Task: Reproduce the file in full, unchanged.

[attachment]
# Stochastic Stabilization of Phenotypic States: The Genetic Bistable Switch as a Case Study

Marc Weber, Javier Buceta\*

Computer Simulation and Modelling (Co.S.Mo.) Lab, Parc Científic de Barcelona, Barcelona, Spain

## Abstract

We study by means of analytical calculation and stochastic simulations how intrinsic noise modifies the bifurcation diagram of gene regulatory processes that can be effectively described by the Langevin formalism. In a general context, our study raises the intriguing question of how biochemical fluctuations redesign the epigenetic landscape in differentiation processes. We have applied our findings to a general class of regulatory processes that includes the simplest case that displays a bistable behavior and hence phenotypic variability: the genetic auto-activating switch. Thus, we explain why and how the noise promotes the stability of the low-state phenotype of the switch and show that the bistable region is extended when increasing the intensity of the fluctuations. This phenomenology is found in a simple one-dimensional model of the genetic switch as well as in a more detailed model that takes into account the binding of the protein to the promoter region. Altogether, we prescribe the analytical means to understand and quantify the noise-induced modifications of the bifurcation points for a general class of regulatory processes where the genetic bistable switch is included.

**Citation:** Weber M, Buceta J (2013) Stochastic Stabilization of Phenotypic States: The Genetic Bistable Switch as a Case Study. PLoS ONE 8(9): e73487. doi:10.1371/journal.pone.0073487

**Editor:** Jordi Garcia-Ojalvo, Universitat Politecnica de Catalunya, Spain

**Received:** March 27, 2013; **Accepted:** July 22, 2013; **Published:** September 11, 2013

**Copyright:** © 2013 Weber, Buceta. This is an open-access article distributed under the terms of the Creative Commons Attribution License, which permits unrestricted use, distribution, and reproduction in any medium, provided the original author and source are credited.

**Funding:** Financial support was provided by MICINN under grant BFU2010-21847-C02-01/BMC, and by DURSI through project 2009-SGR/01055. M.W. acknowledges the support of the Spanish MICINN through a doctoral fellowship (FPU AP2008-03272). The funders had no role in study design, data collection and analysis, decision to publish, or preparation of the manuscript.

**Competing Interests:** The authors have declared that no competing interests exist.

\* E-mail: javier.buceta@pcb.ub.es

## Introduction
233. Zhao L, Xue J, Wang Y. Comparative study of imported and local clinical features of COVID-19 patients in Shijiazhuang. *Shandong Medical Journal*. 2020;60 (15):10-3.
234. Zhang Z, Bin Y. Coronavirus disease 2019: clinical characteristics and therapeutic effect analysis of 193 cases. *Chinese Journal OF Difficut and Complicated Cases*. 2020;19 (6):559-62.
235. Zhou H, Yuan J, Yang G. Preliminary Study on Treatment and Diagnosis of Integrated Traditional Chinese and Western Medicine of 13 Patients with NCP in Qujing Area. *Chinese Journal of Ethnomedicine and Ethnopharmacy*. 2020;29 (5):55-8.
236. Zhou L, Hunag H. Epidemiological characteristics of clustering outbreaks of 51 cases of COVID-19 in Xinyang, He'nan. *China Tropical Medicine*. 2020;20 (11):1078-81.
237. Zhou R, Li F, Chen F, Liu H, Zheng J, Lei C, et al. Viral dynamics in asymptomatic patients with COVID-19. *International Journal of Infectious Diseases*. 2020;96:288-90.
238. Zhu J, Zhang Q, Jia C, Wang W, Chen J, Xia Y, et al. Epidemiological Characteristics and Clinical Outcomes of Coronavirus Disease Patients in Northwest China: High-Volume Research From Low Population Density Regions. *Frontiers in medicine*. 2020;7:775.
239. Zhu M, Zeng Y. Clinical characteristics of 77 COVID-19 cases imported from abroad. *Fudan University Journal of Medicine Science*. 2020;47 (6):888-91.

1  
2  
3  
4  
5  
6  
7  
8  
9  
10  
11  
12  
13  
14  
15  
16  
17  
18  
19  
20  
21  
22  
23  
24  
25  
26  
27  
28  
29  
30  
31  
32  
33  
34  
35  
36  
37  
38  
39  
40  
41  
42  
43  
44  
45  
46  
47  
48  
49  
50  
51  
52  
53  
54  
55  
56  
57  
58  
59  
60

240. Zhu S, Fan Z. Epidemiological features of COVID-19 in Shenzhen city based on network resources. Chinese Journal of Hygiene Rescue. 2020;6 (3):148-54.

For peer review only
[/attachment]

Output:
# Stochastic Stabilization of Phenotypic States: The Genetic Bistable Switch as a Case Study

Marc Weber, Javier Buceta\*

Computer Simulation and Modelling (Co.S.Mo.) Lab, Parc Científic de Barcelona, Barcelona, Spain

## Abstract

We study by means of analytical calculation and stochastic simulations how intrinsic noise modifies the bifurcation diagram of gene regulatory processes that can be effectively described by the Langevin formalism. In a general context, our study raises the intriguing question of how biochemical fluctuations redesign the epigenetic landscape in differentiation processes. We have applied our findings to a general class of regulatory processes that includes the simplest case that displays a bistable behavior and hence phenotypic variability: the genetic auto-activating switch. Thus, we explain why and how the noise promotes the stability of the low-state phenotype of the switch and show that the bistable region is extended when increasing the intensity of the fluctuations. This phenomenology is found in a simple one-dimensional model of the genetic switch as well as in a more detailed model that takes into account the binding of the protein to the promoter region. Altogether, we prescribe the analytical means to understand and quantify the noise-induced modifications of the bifurcation points for a general class of regulatory processes where the genetic bistable switch is included.

**Citation:** Weber M, Buceta J (2013) Stochastic Stabilization of Phenotypic States: The Genetic Bistable Switch as a Case Study. PLoS ONE 8(9): e73487. doi:10.1371/journal.pone.0073487

**Editor:** Jordi Garcia-Ojalvo, Universitat Politecnica de Catalunya, Spain

**Received:** March 27, 2013; **Accepted:** July 22, 2013; **Published:** September 11, 2013

**Copyright:** © 2013 Weber, Buceta. This is an open-access article distributed under the terms of the Creative Commons Attribution License, which permits unrestricted use, distribution, and reproduction in any medium, provided the original author and source are credited.

**Funding:** Financial support was provided by MICINN under grant BFU2010-21847-C02-01/BMC, and by DURSI through project 2009-SGR/01055. M.W. acknowledges the support of the Spanish MICINN through a doctoral fellowship (FPU AP2008-03272). The funders had no role in study design, data collection and analysis, decision to publish, or preparation of the manuscript.

**Competing Interests:** The authors have declared that no competing interests exist.

\* E-mail: javier.buceta@pcb.ub.es

## Introduction
233. Zhao L, Xue J, Wang Y. Comparative study of imported and local clinical features of COVID-19 patients in Shijiazhuang. *Shandong Medical Journal*. 2020;60 (15):10-3.
234. Zhang Z, Bin Y. Coronavirus disease 2019: clinical characteristics and therapeutic effect analysis of 193 cases. *Chinese Journal OF Difficut and Complicated Cases*. 2020;19 (6):559-62.
235. Zhou H, Yuan J, Yang G. Preliminary Study on Treatment and Diagnosis of Integrated Traditional Chinese and Western Medicine of 13 Patients with NCP in Qujing Area. *Chinese Journal of Ethnomedicine and Ethnopharmacy*. 2020;29 (5):55-8.
236. Zhou L, Hunag H. Epidemiological characteristics of clustering outbreaks of 51 cases of COVID-19 in Xinyang, He'nan. *China Tropical Medicine*. 2020;20 (11):1078-81.
237. Zhou R, Li F, Chen F, Liu H, Zheng J, Lei C, et al. Viral dynamics in asymptomatic patients with COVID-19. *International Journal of Infectious Diseases*. 2020;96:288-90.
238. Zhu J, Zhang Q, Jia C, Wang W, Chen J, Xia Y, et al. Epidemiological Characteristics and Clinical Outcomes of Coronavirus Disease Patients in Northwest China: High-Volume Research From Low Population Density Regions. *Frontiers in medicine*. 2020;7:775.
239. Zhu M, Zeng Y. Clinical characteristics of 77 COVID-19 cases imported from abroad. *Fudan University Journal of Medicine Science*. 2020;47 (6):888-91.

1  
2  
3  
4  
5  
6  
7  
8  
9  
10  
11  
12  
13  
14  
15  
16  
17  
18  
19  
20  
21  
22  
23  
24  
25  
26  
27  
28  
29  
30  
31  
32  
33  
34  
35  
36  
37  
38  
39  
40  
41  
42  
43  
44  
45  
46  
47  
48  
49  
50  
51  
52  
53  
54  
55  
56  
57  
58  
59  
60

240. Zhu S, Fan Z. Epidemiological features of COVID-19 in Shenzhen city based on network resources. Chinese Journal of Hygiene Rescue. 2020;6 (3):148-54.

For peer review only